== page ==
I know that for me, I have two or three hours of work already finished by 10:00 a.m. I'm actually starting to wind down a little bit by 10:00 a.m. and he's having his first meeting. But guess what? Jeff Bezos and I likely don't have the same chronotype and that's fine. So, find your chronotype and then research the ideal schedule for that chronotype and thank me later.
You might be working out at the wrong time. If you are a bear, based on what I remember, based on what has been my schedule for years now, working out in the early to midafternoon is best for you. I'm working out between 11:00 a.m. and 2:00 p.m. It's not the same every single day, but it's around that time, and if you're a lion, you work out at a different time. If you're a wolf, you work out at a different time. You really need to figure out when to do things every day and you want to have an ideal schedule. [14:16.4]
Next tip, have a place to store ideas. Richard Branson, another billionaire, because this show is about productivity tips from billionaires, says that his single most important possession is his little notebook where he writes down his ideas and his musings.
I think that's incredibly profound and David Allen, creator of The Getting Things Done productivity methodology, says that our minds are best for processing information, not for holding onto it. Have you ever had some inspiration or a great idea and then lost it because you couldn't write it down? Having some way to write it down or record it should be a must. [14:58.3]
I use an app called Any.do or I used to use it, and that was good. Then I switched over to something else. Back when I was managing more people, I would keep a lot of notes in my project manager, which was Asana. Some people use the Notes app on their iPhone. Other people use the voice memos thing. What you use doesn't matter very much. All that matters is you have some place to store your ideas.
The final tip from billionaires kinda sorta is take time to rest and here's a quote that I love. It comes from Andy Grove. Andy Grove says, “My day ends when I'm tired and ready to go home, not when I'm done.” Here's something else I want you to understand. You will never be done. There will always be more stuff for you to do.
I'm not going to discuss my resting strategy in much detail on a free podcast episode because I wrote a lot about it in my Inner Circle newsletter and it was life-changing information for a lot of people. However, I will let you know that one of the things I tell Inner Circle members to do is to read ancient text. One of the ancient texts I tell them to read is the Bible. I also tell them to read like The Art of War and The Prince, and just books that have lasted for hundreds and hundreds of years. [16:11.7]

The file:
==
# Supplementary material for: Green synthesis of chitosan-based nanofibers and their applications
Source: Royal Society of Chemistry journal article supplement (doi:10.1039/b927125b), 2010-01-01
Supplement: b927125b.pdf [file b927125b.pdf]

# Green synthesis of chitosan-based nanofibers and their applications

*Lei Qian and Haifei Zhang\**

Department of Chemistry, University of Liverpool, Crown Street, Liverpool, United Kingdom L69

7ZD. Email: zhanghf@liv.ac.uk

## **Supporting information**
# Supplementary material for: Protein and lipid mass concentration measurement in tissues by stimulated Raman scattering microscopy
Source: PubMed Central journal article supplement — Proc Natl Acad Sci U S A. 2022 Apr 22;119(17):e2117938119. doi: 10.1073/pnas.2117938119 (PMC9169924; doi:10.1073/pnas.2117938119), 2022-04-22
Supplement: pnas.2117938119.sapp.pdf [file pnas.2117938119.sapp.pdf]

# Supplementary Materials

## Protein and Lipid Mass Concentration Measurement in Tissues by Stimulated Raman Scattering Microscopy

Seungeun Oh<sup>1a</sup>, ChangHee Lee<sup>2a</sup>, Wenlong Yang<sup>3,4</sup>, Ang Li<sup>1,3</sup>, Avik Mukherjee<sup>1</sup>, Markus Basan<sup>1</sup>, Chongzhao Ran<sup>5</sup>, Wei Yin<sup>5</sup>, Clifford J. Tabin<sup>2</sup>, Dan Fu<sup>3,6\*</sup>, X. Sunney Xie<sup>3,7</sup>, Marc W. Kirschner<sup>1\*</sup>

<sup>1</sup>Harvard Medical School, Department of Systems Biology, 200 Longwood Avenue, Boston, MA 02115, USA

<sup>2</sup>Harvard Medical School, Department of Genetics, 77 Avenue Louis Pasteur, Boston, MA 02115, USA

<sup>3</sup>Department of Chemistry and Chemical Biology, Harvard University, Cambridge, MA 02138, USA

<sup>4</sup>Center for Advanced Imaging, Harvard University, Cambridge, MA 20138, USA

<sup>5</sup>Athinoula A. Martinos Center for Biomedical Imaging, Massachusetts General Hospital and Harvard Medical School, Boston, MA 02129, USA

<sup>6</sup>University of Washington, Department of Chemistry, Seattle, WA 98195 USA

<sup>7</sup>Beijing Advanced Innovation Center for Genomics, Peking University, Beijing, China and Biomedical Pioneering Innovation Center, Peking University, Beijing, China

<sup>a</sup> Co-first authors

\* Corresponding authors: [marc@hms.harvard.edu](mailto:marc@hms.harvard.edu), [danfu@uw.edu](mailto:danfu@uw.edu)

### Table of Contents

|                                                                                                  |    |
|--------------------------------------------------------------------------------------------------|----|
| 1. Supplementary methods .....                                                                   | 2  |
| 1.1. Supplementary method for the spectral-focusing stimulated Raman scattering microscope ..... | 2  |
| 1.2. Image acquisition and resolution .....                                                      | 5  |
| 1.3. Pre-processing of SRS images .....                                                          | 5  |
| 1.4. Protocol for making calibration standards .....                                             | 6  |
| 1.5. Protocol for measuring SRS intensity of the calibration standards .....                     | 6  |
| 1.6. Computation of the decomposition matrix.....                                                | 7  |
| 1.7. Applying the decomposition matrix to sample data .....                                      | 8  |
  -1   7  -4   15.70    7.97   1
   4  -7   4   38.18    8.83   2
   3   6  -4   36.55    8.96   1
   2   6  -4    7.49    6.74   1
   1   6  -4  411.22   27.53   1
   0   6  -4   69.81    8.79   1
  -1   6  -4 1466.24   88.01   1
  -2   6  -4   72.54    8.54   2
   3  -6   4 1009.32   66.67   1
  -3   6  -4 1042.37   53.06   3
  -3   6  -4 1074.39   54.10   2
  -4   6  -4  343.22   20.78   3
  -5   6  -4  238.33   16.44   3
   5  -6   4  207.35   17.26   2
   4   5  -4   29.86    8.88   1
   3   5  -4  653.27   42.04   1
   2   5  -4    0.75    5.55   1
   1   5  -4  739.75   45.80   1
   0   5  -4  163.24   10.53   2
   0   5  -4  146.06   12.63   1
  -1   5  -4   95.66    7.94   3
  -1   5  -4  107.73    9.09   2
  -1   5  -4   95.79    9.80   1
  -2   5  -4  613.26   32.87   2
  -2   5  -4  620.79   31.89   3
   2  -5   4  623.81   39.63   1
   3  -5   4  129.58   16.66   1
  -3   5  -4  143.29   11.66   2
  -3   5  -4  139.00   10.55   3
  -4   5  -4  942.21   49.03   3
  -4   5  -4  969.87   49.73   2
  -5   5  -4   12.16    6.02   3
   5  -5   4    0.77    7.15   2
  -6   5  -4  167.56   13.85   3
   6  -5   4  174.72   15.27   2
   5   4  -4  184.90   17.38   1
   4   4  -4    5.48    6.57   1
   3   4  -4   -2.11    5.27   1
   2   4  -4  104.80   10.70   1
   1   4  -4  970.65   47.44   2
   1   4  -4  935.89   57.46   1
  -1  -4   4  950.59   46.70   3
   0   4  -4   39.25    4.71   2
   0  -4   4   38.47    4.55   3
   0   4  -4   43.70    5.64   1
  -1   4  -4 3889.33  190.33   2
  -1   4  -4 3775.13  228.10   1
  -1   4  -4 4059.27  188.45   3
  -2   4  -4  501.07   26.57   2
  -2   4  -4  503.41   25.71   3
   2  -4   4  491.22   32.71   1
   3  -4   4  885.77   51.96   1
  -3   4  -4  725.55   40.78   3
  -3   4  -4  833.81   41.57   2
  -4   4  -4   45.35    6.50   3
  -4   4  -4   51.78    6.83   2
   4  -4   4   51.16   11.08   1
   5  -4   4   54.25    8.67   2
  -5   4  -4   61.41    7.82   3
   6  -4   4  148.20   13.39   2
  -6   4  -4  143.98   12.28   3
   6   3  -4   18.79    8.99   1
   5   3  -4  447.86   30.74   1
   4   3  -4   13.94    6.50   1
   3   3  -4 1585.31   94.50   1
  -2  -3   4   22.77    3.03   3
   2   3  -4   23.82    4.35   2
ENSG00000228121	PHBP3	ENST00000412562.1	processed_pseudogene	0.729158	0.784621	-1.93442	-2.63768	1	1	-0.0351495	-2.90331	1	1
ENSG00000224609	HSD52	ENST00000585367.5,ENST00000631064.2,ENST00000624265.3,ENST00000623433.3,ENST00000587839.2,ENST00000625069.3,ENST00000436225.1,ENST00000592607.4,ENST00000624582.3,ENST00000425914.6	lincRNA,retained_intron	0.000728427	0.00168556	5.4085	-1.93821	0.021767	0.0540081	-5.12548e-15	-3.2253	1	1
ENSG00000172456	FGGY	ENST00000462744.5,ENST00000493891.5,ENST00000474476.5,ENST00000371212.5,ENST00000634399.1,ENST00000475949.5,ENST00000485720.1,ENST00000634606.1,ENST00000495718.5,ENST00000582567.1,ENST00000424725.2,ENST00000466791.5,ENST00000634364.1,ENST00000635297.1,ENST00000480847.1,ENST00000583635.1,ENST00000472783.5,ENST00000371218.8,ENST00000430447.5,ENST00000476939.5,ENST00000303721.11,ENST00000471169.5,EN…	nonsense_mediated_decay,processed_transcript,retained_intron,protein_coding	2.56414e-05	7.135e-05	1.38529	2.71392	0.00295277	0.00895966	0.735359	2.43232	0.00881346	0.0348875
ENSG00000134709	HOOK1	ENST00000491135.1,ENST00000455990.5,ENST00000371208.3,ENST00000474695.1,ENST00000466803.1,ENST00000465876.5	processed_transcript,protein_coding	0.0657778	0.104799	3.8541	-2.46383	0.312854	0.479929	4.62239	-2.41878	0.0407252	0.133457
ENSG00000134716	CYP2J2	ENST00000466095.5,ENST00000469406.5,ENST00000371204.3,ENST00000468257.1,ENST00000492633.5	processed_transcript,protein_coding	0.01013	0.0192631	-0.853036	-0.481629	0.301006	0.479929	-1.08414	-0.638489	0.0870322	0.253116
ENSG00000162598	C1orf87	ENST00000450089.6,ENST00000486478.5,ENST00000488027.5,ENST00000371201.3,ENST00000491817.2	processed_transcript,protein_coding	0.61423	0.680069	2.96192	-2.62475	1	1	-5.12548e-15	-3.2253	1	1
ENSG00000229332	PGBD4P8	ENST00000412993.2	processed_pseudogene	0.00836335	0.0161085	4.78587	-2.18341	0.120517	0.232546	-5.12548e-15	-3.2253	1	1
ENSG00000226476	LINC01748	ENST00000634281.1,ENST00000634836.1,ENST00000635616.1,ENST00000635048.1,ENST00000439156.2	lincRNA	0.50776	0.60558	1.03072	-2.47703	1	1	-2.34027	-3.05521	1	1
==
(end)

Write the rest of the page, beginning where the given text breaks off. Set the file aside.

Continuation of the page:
The Bible is definitely one of those and it has so much wisdom in it, and I love Psalm 23. It says, “He maketh me to lie down in green pastures.” Now, some can say that Psalm is about shepherds finding green pastures in the Middle East and it has different interpretations, but I think about rest when I read it. It doesn't say, “He suggesteth” or “He recommendeth.” It's “He maketh.” He forceth you to rest, to lie down in those green pastures, stop walking, stop working, stop doing stuff. Lie the flip down is what the Bible says, maybe not in, in those terms, but He maketh, not He suggesteth, so take the time to rest.
Our lives operate rhythmically. If you can understand this, then you'll understand how important rest is to maintaining your productivity rhythm. You work, then rest. You tear the muscles; then you repair them. You burn calories, then replenish. These are all rhythms. [17:11.7]
If you're going, going, going, and you're operating linearly where you're constantly trying to go up into the right, then your life will lose that rhythm and it will lead to bad things. You want to oscillate. You want to have moving averages where your heart beats, it goes up and then down, and then up and down, and it goes to higher highs and higher lows. That is the rhythm of life or that is the rhythm of success, I should say.
To recap, the five things we talked about on this podcast episode: take time to rest. Have a place to store your ideas. Find your peak performance schedule. I'm not even joking, just look for your chronotype, figure it out. Design your schedule. That's probably one of the most important things I could ever give you. Seriously, seriously, seriously, do it. Take some time to think by yourself, and block your time for maximum effectiveness.
And with that said, I will catch you next week. [18:04.0]